Published on: March 24, 2016
The federal budget unveiled this week includes a promise to eliminate barriers for Canadians living with disabilities by introducing a national disabilities act a document advocates have long said is needed.
Organizations that support adults and children with disabilities say several items in the fiscal document, especially the creation of a Canadians with Disabilities Act, signal the Liberal government is committed to consulting people with disabilities to build an inclusive and accessible country.
“We haven’t had a cross-Canada consultation with the disability community in an awfully long time,” said Michael Bach, executive vice-president of the Canadian Association for Community Living, an organization that helps people with intellectual disabilities and their families.
“We’re hopeful. The budget sends some good messages.”
From a revamped Canada Child Benefit, which increases funds for low-
and middle-income families that have children with significant disabilities, to an investment in the Youth Employment Strategy, with a particular focus on youth with disabilities, Bach said the 2016 budget has left his organization hopeful.
“There’s opportunity here, and that’s what’s new,” he said. “There hasn’t been opportunity to have these national discussions about these issues in a very long time.”
There is currently no national legislation protecting the rights of Canadians with disabilities.
The budget earmarked $2 million over two years for engagement that will result in the introduction of a Canadians with Disabilities Act.
“That commitment is a key signal,” said Jeff Dyer, executive director at Accessible Housing Calgary. “It remains to be seen right now what (the act) will look like, but if it mirrors something along the lines of what we see in the U.S. or Ontario, there’s great hope it will have a levelling effect for people with disabilities.”
In 2005, Ontario introduced the Accessibility for Ontarians With Disabilities Act and more than 25 years ago, the United States introduced a civil liberties law known as the Americans with Disabilities Act.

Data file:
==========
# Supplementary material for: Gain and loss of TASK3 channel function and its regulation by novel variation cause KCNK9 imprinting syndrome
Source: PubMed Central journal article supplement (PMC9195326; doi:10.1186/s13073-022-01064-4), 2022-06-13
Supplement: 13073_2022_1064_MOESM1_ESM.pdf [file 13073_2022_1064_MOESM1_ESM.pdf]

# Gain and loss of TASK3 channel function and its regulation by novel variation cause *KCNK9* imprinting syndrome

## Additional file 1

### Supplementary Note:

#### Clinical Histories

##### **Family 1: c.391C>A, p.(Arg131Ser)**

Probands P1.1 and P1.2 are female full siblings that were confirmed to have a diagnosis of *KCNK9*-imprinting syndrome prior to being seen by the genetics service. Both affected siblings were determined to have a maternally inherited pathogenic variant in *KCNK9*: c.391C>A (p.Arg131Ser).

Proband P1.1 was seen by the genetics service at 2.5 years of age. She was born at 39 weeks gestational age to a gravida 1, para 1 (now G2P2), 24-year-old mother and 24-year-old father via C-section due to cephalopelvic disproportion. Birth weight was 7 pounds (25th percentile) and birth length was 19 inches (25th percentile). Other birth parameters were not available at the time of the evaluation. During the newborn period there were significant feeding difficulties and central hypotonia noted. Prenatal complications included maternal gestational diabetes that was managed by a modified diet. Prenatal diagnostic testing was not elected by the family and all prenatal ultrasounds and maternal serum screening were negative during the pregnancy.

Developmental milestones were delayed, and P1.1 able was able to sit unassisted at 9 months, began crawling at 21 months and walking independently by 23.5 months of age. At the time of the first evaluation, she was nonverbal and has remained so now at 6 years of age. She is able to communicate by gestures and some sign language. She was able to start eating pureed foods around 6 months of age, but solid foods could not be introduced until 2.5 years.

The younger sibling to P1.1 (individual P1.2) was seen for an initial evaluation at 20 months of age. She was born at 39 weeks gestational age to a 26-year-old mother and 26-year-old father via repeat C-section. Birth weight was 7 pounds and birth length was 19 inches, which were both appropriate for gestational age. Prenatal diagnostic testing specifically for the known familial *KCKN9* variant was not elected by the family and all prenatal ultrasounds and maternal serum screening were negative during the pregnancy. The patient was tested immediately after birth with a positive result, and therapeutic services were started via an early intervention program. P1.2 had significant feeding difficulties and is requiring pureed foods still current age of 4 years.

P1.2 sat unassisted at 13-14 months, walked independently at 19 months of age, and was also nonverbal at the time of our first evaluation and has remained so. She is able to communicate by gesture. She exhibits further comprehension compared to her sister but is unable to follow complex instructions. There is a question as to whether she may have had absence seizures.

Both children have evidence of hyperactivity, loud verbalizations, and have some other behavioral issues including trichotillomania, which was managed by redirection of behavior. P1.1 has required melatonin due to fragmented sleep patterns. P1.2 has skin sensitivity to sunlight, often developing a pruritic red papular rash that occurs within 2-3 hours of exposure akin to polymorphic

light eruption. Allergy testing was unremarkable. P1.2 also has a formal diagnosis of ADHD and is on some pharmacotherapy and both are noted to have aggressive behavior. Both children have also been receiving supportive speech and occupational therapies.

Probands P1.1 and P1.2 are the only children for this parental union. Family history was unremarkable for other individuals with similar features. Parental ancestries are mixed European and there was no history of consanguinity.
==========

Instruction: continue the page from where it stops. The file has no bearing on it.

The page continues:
Enacted by Congress in 1990, the document acknowledged millions of Americans with disabilities faced discrimination and exclusion in areas including employment, housing, education, transportation, health services and recreation. The act provided a national mandate for the elimination of discrimination against people with physical or mental disabilities.
In a statement, Rick Hansen, CEO of the Rick Hansen Foundation, said promising money to the creation of a Canadians with Disabilities Act is a positive step to remove “visible and invisible barriers.”
“An act itself won’t solve everything right away, there are still many physical and attitudinal barriers to find solutions for, but by working together we can start to address this urgent need and make sure that people with disabilities are living to their full potential,” said the Canadian Paralympian, philanthropist and activist.
Dyer said in addition to the money set aside for the act, he’s hopeful about $4 million allocated in the budget over two years for the Enabling Accessibility Fund to support the costs of construction and renovations for improving accessibility.
“It’s a recognition that there are people excluded from basic infrastructure as it relates to recreation or community activities that the government notices and has to make some changes towards,” he said.
Cindy Neufeld with Between Friends, a Calgary organization that provides opportunities for people with disabilities, welcomed the various funds promised in the Liberal budget that will make life easier for people with disabilities.
“We’re pleased (the funds) should make it easier for families to access programs that are in the community to help their children,” she said.
“Having a child with a disability comes with a real economic cost, as well as a social cost, and anything that can be done to make it easier, is great.”